13 Page 12 RRR a 1 a 2 a Figure 3: An example of a connected chesslike game with V T = {a 1, a 2, a 3 }, I = {1, 2, 3, 4}, players IDs shown inside nodes they control, and with the shaded node at bottom as the initial vertex v 0. Here, thick lines form a strategy S ending at terminal a 3. It is easy to verify that if u 1 (a 2 ) < u 1 (a 3 ) < u 1 (a 1 ) then this is a NE, regardless of the preferences of the other players. Let us note that even if a 2 is player 2 s best outcome, he cannot switch to directly reaching a 2 without destroying the current equilibrium (player 1 could then improve). Let us now delete all outgoing arcs from vertex v, except (v, a t ). This way v becomes a dummy node and, since it was not before, the resulting game G is smaller than G by our inductive measure. Since G is still a connected chesslike game with one less nondummy vertex than G and, since G was a minimal counterexample, we can conclude that G must have a situation s that is a NE in G. Since V (G ) = V (G) and E(G ) E(G), situation s is also a situation in game G. Since the only difference between G and G are the arcs leaving vertex v, and they all go to a terminal not preferred by player i to a t, we conclude that s is also a NE in G, completing the proof of the claim. In the rest of this section we will assume conditions (2) and (C). The following claim, interesting on its own, will be instrumental in proving Theorem 5. Lemma 2 Assume that G = (G, D, u, v 0 ) is a connected chesslike game with p 3 satisfying conditions (2) and (C), and that it has a proper NE. Then, it has a proper NE, s, which does not enter a terminal from nondummy nodes except the outcome g(s) V T. In other words, it satisfies v V T \ {g(s)} for all (v, v ) s, d + (v) > 1. (3) Proof If p < 3, this claim follows from the cited results of [4], thus, we can assume that p = 3. Let us denote by s a proper NE of G, which exists by our assumptions. Let us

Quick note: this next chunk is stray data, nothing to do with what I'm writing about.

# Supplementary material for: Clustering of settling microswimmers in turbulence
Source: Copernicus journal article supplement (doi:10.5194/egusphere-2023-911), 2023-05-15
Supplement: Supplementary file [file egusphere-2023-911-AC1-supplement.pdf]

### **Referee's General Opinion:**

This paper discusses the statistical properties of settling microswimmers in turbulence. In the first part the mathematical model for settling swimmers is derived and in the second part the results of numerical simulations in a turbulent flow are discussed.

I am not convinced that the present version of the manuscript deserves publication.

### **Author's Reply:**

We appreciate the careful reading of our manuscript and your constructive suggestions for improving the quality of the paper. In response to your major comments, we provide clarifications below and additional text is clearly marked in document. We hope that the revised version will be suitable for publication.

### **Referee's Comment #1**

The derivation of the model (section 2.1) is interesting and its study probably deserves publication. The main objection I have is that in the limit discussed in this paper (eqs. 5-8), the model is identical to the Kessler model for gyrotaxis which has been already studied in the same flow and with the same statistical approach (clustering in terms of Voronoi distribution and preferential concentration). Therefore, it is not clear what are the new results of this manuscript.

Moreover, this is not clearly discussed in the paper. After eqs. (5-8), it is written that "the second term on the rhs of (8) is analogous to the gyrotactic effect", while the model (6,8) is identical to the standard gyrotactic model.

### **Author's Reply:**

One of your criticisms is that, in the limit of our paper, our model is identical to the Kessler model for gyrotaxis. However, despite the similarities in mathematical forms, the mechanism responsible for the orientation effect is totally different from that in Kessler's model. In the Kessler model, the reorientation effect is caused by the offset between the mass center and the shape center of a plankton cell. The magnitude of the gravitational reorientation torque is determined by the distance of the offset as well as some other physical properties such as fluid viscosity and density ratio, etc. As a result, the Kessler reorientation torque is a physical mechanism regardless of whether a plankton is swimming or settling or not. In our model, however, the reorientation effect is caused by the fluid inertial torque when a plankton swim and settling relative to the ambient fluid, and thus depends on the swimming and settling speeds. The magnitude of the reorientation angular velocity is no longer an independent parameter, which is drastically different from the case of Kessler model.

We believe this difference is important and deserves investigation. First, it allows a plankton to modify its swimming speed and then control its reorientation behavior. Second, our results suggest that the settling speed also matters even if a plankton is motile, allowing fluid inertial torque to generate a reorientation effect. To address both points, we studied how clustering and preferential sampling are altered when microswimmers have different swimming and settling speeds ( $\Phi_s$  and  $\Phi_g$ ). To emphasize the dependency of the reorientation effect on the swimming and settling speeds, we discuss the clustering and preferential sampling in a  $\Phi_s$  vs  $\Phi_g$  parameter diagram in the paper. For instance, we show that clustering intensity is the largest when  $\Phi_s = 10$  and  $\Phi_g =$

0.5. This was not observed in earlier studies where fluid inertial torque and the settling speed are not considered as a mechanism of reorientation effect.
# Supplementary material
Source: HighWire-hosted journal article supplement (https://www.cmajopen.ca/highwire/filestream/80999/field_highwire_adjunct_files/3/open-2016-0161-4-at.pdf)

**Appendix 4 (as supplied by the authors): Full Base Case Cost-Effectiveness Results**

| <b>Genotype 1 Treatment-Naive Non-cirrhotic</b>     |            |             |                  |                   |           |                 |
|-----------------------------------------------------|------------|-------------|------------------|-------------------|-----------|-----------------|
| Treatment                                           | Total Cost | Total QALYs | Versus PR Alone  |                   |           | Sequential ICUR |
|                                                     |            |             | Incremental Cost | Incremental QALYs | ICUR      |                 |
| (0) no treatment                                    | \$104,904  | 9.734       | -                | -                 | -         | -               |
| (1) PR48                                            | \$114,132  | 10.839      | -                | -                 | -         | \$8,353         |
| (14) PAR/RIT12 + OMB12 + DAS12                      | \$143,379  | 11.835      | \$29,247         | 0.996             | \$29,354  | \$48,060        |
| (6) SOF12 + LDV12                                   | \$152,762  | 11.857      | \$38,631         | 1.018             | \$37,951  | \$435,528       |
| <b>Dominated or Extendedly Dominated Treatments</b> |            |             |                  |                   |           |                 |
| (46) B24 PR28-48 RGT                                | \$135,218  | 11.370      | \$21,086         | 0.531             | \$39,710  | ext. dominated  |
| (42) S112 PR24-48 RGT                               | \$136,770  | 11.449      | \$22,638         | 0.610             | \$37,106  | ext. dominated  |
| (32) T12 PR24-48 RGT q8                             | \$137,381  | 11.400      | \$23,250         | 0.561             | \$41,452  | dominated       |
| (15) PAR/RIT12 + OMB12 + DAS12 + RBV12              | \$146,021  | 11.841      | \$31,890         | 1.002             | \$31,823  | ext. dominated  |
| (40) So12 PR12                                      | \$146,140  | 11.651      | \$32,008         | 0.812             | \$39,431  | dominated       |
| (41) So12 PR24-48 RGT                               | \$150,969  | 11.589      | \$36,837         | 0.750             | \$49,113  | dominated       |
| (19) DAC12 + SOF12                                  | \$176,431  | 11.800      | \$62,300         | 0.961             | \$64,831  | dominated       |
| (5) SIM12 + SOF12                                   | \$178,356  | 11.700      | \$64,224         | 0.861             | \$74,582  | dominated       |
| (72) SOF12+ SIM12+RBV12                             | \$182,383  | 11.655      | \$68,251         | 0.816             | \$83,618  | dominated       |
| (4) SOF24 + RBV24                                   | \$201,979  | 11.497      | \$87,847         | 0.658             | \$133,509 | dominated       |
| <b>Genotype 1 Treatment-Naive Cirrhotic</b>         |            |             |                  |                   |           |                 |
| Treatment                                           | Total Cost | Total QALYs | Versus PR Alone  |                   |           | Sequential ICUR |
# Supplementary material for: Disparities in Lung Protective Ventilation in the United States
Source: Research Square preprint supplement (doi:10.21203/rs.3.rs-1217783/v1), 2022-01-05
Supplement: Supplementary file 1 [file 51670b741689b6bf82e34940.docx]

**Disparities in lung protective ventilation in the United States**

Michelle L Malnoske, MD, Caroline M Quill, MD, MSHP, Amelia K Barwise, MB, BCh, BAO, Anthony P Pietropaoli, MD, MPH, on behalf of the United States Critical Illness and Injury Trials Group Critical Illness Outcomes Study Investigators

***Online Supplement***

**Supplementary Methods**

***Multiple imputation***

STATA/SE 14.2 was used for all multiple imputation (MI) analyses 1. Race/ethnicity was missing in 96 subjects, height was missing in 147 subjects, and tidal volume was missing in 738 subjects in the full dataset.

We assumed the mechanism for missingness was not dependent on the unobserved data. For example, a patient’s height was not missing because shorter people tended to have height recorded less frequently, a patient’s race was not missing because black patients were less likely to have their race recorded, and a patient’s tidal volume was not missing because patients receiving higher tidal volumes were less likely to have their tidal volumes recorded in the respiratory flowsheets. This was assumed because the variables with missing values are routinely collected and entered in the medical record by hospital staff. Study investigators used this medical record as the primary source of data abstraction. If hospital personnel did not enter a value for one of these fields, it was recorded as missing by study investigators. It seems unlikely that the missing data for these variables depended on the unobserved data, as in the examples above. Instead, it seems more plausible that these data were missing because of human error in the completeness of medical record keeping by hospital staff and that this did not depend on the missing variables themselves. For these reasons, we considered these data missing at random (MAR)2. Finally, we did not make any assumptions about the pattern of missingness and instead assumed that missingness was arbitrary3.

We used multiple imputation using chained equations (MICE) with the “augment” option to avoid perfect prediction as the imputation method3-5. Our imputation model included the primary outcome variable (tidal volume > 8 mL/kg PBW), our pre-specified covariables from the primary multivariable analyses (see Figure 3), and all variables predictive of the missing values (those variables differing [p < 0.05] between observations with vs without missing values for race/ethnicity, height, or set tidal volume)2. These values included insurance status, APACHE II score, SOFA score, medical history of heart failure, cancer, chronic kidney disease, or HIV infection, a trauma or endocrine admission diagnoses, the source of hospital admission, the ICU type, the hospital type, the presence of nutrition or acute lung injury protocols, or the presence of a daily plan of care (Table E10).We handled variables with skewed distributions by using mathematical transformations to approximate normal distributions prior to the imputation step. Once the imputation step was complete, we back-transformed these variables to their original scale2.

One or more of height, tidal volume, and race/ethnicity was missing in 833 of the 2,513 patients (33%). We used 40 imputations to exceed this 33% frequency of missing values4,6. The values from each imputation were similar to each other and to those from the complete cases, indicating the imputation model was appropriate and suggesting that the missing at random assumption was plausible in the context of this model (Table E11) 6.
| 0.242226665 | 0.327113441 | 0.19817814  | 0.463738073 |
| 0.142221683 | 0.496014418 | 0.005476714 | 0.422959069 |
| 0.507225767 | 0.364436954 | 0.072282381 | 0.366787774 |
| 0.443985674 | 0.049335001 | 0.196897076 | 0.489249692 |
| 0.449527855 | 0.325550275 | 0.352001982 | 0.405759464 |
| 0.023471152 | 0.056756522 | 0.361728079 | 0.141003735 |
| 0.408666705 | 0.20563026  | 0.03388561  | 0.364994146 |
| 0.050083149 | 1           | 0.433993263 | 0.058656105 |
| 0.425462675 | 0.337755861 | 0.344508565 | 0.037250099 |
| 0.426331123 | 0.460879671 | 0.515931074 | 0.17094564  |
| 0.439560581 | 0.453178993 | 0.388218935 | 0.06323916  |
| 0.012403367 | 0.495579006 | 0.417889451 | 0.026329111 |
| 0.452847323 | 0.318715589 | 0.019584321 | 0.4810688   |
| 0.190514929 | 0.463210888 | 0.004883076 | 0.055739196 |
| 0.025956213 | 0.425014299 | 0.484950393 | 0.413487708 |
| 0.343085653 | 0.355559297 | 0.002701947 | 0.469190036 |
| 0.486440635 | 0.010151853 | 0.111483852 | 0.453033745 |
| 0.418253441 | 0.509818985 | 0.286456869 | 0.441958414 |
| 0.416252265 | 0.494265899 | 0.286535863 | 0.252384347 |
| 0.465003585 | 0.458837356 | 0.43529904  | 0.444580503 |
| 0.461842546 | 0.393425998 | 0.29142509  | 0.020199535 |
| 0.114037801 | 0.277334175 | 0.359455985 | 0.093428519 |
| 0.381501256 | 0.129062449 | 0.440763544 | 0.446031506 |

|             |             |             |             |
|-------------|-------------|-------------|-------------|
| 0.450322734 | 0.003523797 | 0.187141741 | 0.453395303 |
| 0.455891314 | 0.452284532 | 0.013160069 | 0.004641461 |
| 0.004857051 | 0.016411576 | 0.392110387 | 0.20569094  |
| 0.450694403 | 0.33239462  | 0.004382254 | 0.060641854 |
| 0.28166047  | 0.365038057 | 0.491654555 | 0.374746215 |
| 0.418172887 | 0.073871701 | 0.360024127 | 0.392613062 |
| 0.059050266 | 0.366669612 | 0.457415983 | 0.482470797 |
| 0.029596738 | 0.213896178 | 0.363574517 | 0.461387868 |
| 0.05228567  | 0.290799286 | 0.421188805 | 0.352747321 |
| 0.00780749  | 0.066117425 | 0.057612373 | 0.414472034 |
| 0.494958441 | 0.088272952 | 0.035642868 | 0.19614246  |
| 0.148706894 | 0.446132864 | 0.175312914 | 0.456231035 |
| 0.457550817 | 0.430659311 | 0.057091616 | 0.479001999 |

Partitioning edgecoloured complete graphs into monochromatic cycles and paths
arxiv:1205.5492v1 [math.co] 24 May 2012 Partitioning edgecoloured complete graphs into monochromatic cycles and paths Alexey Pokrovskiy Departement of Mathematics, London School of Economics and Political
More informationCycles in a Graph Whose Lengths Differ by One or Two
Cycles in a Graph Whose Lengths Differ by One or Two J. A. Bondy 1 and A. Vince 2 1 LABORATOIRE DE MATHÉMATIQUES DISCRÉTES UNIVERSITÉ CLAUDEBERNARD LYON 1 69622 VILLEURBANNE, FRANCE 2 DEPARTMENT OF MATHEMATICS
More informationEvery tree contains a large induced subgraph with all degrees odd
Every tree contains a large induced subgraph with all degrees odd A.J. Radcliffe Carnegie Mellon University, Pittsburgh, PA A.D. Scott Department of Pure Mathematics and Mathematical Statistics University
More informationi/io as compared to 4/10 for players 2 and 3. A "correct" way to play Certainly many interesting games are not solvable by this definition.
496 MATHEMATICS: D. GALE PROC. N. A. S. A THEORY OF NPERSON GAMES WITH PERFECT INFORMA TION* By DAVID GALE BROWN UNIVBRSITY Communicated by J. von Neumann, April 17, 1953 1. Introduction.The theory of